After a lengthy trip through free agency, first baseman/designated hitter Chris Carter has found a new home. The Yankees announced on Thursday that they’ve signed the Sports Management Partners client to a one-year deal, confirming previous reports of the agreement. Carter will reportedly be guaranteed $3.5MM on the new contract. The deal is also reported to contain up to $500K worth of incentives; Carter will earn $100K for reaching each of 250, 300, 350, 400 and 450 plate appearances.
New York is adding the National League’s 2016 co-leader in home runs in Carter, who swatted 41 long balls as a member of the Brewers. Despite that, Milwaukee elected to non-tender Carter in late November after it couldn’t find a taker for him via trade. Carter would have made a projected $8.1MM this year via arbitration, so the Yankees are landing him at a discounted rate after he sat on the open market for over two months.
The Yankees will be the fifth organization for the 30-year-old Carter, a 2005 White Sox draft pick who debuted with the Athletics in 2010 and has hit no fewer than 24 homers in any individual season since 2013, his first full campaign in the majors. Along with his prodigious power (he also led the NL in ISO last season), Carter provides above-average patience, having drawn walks at an 11.6 percent clip in his career.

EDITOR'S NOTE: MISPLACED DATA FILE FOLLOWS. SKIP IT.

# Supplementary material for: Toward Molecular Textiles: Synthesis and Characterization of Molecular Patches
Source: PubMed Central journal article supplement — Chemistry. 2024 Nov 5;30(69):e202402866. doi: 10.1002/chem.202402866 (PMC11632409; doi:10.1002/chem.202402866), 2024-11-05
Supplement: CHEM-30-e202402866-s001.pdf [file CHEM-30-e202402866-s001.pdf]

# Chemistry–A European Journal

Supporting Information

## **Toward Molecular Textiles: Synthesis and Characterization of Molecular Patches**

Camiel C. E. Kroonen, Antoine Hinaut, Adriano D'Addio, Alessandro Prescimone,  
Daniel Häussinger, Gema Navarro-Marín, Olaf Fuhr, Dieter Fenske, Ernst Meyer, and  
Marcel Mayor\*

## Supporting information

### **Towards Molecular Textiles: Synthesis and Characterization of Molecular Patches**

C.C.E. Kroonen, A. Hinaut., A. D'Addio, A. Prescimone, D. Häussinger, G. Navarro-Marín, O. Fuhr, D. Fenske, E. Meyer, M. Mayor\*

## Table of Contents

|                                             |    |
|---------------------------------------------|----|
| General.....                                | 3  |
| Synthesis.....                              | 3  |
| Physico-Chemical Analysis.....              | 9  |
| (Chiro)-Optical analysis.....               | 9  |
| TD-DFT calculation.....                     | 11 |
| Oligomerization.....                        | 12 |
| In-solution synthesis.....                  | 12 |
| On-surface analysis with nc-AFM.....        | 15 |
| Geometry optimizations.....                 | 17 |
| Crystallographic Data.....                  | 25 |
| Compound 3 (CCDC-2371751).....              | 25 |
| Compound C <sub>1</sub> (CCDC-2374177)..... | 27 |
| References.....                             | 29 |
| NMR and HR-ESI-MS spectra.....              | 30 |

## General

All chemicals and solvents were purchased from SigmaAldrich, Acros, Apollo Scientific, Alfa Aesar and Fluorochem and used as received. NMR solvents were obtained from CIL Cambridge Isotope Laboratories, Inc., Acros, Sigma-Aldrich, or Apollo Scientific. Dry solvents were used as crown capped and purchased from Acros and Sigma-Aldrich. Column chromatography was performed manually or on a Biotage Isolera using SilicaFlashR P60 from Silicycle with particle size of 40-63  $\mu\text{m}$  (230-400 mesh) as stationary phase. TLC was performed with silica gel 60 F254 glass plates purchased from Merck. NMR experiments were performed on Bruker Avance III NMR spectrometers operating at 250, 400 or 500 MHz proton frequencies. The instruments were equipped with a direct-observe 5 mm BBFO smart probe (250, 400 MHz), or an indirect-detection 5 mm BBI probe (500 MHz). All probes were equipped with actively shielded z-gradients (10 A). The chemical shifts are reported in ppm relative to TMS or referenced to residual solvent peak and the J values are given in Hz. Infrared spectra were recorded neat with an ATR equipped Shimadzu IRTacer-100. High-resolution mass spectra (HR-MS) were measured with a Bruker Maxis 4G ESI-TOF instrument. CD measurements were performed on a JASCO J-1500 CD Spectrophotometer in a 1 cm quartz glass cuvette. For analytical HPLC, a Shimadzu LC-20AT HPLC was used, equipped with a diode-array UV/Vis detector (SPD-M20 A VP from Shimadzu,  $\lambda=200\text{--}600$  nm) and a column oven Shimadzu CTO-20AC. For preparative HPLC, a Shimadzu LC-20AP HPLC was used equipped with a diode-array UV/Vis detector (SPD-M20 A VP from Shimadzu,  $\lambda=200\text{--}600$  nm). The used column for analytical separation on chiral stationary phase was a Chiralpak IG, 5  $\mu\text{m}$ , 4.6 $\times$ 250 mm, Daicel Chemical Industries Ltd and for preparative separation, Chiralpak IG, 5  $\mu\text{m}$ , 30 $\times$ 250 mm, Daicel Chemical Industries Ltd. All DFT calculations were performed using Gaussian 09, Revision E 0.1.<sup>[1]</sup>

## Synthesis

Power and patience aside, there’s no value to be found elsewhere in Carter’s game, as he has registered strikeout percentages in the low-30s and contact rates in the mid-60s in each of his big league seasons. Both his difficulty putting the ball in play and lack of speed have helped lead to a low batting average (.218) and underwhelming on-base percentage (.314) in 2,645 PAs. In the field, Carter has accounted for minus-19 Defensive Runs Saved and a minus-15.5 Ultimate Zone Rating in 3,400-plus innings at first base.
Despite his defensive issues, Carter seems likely to be a prominent part of the Yankees’ equation at first base, as fellow free agent pickup Matt Holliday is set to be their primary designated hitter. The right-handed-hitting Carter is clearly a more established option than likely starter Greg Bird, a lefty-swinger who could platoon with Carter. And it remains to be seen how Bird will bounce back after missing all of last season because of a shoulder injury. The Yankees also have another homegrown first baseman in righty Tyler Austin, but he has a pair of minor league options remaining and could head to the Triple-A level now that Carter’s in the fold.
Although Carter’s deal is only for a single year, the Yankees can actually control him through the 2018 season if they want. Carter, after all, still has another season of arbitration eligibility remaining. For now, he’ll join catcher Gary Sanchez, Holliday, Bird and outfielder Aaron Judge as the Bombers’ best power threats.
Photo courtesy of USA Today Sports Images.